Christmas At Pyaridge Hall

It was the kind of December morning Victorian novelists dream about.  Diamond frost sparkling over the trim English pastures, horses with steam breath puffing in the air, a slanted sun line on the stable roof, shiny with melt.  On the hill, past the white plank fences, the winter bare trees were pencilled against the too-blue sky.  And not that far beyond where the old stone Roman road curved behind the fruit groves, there was the village steeple, arrow sharp and tiny in the distance.  Emily could hear the Dilfords, mother, uncle and daughter, opening the paddocks and starting the tractor.  She wouldn’t ride today, or any time soon; it was difficult with the bandages, and anyway there was too much work to do.  Besides, she was tired – tired, bitchy and sore.  Her hand had hurt in the night with a black ache, clock-ticking sleeplessness that almost made her cry.  She could still feel it, the dull pressure of the bandages on her fingers that didn’t have enough courage to be pain but had settled in to irritate her.  And she was cold – just out of bed chilly through flannel pajamas and a thick duvet hugged around her shoulders.  She turned away from the window, looked at the cold stone hearth and shivered.

“Damn the insurance,” she thought, “Tonight, I’m going to have a fire.”  She swept the duvet off her shoulders and back onto the bed.  Then awkwardly, she pulled heavy green trousers over her pajamas and a red checked work shirt.  She struggled with the buttons, gave up after two and went down to breakfast.  Not quite the lady of the manor, but . . . .  She ran her fingers through her hair to smooth out some of the tangled sleep.  It would be warmer downstairs where the wheezing old Pyaridge’s boilers could reach, but there was no way she was going to endure another winter like this.  Something would have to go out of next year’s budget.  Next year’s budget?  She hadn’t paid for this year’s yet!  She ran her hand over the thick oak bannister like you would an old dog and continued down the big step staircase, through the high, wide entrance hall and into the breakfast room.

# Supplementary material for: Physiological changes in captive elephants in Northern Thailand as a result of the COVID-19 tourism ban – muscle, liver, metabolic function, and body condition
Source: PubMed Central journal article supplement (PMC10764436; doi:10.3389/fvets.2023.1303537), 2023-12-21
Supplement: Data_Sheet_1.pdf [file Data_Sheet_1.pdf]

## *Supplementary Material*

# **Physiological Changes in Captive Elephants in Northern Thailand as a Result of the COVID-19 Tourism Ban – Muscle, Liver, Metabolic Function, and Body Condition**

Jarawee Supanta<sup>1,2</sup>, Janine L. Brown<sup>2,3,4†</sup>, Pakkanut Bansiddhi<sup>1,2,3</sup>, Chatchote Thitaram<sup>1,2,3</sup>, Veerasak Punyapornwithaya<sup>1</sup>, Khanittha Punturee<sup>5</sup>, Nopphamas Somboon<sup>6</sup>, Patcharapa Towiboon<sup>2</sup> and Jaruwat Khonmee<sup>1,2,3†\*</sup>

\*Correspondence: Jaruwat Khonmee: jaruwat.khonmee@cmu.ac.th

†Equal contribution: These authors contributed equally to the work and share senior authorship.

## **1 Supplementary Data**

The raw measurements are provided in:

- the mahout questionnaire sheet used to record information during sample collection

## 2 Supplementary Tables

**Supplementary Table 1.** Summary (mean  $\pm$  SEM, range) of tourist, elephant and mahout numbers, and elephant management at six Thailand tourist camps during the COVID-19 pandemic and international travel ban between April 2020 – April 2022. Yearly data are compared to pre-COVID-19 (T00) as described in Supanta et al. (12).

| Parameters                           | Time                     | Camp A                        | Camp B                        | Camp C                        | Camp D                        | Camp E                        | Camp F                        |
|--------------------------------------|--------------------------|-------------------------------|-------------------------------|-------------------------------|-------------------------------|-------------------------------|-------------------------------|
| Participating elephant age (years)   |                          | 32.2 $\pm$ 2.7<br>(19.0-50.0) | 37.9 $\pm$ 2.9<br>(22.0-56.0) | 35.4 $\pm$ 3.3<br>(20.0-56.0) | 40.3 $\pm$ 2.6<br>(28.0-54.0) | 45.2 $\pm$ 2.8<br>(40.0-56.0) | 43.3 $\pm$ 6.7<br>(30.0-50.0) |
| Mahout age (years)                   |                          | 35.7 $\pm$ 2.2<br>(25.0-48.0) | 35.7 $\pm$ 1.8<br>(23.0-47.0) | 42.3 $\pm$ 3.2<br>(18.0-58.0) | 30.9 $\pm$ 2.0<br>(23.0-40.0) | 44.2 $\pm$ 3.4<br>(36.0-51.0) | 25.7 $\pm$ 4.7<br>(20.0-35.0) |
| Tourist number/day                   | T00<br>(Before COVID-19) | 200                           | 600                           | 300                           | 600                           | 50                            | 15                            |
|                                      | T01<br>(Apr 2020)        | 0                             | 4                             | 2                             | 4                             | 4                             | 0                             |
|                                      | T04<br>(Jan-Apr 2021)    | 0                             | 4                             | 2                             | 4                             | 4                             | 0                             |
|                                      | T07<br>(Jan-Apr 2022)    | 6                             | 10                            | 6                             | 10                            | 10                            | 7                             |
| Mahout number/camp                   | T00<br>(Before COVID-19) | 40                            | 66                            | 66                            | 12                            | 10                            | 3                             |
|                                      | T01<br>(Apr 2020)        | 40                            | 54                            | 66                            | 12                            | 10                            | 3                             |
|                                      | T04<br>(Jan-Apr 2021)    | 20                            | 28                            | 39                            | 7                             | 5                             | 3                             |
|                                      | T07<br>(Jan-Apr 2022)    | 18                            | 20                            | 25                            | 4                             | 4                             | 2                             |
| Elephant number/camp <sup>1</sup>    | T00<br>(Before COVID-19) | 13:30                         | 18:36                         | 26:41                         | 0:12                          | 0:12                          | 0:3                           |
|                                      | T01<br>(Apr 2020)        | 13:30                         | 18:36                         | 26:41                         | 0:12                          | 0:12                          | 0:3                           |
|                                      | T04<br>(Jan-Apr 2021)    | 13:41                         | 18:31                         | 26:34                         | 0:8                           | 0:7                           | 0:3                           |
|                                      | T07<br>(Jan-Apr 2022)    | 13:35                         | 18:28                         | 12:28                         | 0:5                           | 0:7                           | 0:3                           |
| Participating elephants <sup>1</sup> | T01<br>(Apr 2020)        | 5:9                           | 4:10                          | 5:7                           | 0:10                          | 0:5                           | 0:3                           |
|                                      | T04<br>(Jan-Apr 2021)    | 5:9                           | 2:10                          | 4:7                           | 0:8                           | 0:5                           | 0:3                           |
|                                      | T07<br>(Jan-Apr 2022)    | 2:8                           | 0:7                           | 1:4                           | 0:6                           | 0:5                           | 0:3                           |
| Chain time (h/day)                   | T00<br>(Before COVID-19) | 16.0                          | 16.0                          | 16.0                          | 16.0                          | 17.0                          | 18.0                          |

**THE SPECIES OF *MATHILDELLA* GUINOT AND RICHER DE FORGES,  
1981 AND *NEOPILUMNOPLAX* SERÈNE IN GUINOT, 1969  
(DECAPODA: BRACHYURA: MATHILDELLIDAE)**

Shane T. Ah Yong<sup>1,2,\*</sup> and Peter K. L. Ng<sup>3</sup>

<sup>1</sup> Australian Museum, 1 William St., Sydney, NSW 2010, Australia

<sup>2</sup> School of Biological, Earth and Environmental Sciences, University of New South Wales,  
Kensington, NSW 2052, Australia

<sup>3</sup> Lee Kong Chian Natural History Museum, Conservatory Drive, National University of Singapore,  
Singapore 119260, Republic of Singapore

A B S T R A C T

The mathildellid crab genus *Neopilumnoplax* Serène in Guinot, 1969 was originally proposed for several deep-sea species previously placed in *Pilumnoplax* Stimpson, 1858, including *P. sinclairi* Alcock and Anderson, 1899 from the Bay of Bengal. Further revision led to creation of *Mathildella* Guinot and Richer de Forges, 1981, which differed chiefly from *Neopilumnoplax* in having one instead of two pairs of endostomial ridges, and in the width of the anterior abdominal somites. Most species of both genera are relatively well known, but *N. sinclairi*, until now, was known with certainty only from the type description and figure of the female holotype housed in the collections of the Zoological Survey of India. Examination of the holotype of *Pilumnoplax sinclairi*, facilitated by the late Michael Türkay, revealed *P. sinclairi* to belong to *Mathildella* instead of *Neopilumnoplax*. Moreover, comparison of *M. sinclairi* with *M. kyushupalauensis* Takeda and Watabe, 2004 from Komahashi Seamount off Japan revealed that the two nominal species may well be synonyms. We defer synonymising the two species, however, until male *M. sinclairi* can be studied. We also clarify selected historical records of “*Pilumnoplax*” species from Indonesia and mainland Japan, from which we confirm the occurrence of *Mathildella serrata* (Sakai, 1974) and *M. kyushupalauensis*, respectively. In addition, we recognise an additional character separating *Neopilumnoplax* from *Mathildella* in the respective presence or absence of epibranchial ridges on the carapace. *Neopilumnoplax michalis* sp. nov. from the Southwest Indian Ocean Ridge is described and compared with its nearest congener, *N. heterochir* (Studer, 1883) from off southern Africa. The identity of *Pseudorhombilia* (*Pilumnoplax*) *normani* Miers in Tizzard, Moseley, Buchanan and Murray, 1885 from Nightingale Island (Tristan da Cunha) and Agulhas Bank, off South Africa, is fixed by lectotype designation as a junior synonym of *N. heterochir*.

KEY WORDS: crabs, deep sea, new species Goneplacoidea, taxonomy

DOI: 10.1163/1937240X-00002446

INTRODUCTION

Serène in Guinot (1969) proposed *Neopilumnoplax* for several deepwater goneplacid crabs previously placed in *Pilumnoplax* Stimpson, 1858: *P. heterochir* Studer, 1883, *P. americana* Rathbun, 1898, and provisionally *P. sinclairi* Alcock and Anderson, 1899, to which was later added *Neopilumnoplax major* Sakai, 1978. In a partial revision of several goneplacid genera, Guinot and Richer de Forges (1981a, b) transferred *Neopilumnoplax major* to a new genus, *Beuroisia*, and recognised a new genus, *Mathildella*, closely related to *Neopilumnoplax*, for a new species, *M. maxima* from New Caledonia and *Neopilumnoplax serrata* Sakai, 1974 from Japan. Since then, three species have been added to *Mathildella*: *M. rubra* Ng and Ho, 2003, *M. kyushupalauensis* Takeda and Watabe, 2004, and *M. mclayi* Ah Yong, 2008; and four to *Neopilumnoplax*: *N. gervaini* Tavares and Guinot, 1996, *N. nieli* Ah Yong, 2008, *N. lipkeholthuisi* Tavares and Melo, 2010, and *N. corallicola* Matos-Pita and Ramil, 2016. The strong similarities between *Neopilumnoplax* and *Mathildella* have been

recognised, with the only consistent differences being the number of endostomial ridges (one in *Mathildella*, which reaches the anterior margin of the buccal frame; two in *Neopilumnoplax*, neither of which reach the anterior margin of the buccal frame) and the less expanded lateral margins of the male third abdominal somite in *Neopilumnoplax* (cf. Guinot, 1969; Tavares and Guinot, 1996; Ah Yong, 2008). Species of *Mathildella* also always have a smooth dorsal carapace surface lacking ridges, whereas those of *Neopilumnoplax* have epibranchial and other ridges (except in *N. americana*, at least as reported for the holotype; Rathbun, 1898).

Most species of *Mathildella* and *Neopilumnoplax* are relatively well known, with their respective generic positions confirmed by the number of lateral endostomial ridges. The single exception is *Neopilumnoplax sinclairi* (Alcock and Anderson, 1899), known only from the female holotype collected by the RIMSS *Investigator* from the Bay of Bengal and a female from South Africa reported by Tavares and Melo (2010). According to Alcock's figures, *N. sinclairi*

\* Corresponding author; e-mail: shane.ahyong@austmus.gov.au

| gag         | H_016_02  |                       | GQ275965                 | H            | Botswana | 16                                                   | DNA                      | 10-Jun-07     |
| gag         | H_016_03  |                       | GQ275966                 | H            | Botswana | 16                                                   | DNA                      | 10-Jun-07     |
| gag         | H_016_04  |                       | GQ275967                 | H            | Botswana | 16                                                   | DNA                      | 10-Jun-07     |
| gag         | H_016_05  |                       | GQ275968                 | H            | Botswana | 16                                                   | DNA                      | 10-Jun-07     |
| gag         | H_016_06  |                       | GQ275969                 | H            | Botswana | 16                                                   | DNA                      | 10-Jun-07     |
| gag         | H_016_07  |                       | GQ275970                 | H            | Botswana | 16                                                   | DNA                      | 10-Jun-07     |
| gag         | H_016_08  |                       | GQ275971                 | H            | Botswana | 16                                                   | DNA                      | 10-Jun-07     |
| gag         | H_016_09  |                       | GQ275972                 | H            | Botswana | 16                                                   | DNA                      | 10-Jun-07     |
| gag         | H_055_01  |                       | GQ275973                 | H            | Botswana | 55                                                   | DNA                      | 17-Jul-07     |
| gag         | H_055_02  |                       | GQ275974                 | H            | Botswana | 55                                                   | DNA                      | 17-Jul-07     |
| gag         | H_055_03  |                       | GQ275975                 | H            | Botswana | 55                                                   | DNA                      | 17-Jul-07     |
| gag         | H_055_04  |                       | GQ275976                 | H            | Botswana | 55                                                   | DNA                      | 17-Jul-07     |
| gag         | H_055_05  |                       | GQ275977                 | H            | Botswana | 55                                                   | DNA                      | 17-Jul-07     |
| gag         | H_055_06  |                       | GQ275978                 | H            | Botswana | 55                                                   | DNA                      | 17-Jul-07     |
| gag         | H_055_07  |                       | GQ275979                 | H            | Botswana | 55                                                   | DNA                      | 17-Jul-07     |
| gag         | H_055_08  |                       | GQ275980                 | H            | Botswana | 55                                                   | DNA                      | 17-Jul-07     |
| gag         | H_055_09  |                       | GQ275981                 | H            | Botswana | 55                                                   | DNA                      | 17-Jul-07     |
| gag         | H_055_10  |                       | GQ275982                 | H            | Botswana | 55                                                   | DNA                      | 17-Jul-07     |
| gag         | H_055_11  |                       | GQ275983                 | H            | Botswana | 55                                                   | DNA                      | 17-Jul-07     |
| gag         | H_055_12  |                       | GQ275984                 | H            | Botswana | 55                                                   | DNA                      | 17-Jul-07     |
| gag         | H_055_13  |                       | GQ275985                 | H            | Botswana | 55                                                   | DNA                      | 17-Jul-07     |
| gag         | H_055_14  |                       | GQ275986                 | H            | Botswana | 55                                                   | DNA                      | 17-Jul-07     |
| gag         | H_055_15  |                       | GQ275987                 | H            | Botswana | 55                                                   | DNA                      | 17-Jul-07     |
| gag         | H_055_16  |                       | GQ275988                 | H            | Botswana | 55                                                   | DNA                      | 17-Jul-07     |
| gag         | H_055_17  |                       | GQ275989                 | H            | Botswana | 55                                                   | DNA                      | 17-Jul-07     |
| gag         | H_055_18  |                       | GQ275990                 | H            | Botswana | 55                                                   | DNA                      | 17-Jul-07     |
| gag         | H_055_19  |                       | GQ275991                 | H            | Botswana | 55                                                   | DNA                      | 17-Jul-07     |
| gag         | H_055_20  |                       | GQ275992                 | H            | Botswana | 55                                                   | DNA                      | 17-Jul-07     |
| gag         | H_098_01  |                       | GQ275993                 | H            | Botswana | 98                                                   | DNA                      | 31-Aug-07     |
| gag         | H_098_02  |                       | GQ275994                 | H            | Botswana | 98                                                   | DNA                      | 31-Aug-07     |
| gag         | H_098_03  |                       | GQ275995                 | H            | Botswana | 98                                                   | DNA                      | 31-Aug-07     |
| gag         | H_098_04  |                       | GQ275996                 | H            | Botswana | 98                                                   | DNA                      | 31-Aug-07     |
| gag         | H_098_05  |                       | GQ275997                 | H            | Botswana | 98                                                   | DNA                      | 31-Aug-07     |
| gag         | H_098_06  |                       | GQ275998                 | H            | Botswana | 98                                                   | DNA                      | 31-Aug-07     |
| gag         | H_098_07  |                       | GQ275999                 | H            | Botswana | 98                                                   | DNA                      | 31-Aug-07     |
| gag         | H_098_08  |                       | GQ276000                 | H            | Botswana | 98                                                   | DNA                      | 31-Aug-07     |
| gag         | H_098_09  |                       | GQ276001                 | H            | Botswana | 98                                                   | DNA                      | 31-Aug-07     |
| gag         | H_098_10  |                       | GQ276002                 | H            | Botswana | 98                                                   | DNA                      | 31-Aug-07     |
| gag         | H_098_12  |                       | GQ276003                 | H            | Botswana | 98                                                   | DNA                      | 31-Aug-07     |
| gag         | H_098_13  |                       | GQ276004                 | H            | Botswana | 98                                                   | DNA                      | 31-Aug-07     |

No matter what time Emily arrived for breakfast, it was there waiting for her.  In winter, porridge, eggs and toast, sometimes bacon, sometimes sausage, coffee and juice.  She knew if the salt and fat didn’t kill her the cholesterol eventually would, but it had been a war to get rid of the beans, tomato, mushrooms, wheat cakes and assorted other fried bits, so . . . .   Mrs. Tisdale ran the Pyaridge kitchen with an iron ladle, fed the entire estate on a budget that would embarrass Gandhi and hadn’t taken no for answer since Emily was 6 — which meant, after winning half the battle, it was an act of valor for Emily to just shut up and eat her breakfast, nice girl.  And she did that, every morning, alone at a huge table, in a room built for twenty.

In London, Dreyfus Sinclair didn’t usually eat breakfast unless he was travelling or Mrs. Flynn was in the mood to cook.  And since Mrs. Flynn only came in 3 days a week and was seldom in the mood, it was mostly just coffee and a newspaper under the tall windows in the loft over the river.  That day, there was a crawling mist on the Thames, so there wasn’t much boat traffic, and the lights on the far shore looked distant and scuffed.  It was a perfect day to sit back and contemplate the woes of the world.  Actually, Dreyfus didn’t much care about that, but he did enjoy the style and variety of Fleet Street journalism, so he had the concierge bring him a different/random newspaper every morning.  It made the read a little more interesting.  (Today was The Guardian, full of opinion.)  He thought about going to work later, but he wanted to write a few letters, and he enjoyed writing letters, so . . . .  Plus, he had that neatly-wrapped plastic package of clothes to deal with, and he wasn’t sure what he should do about that.  They had arrived yesterday back from the cleaners with a note that read.  “Our apologies.  Unfortunately, we were not able to remove the extensive bloodstains from the garments without ruining them, and the style and quality dictate that they would not be easily replaced in that event.  Therefore, we are returning them to you.  Regards …”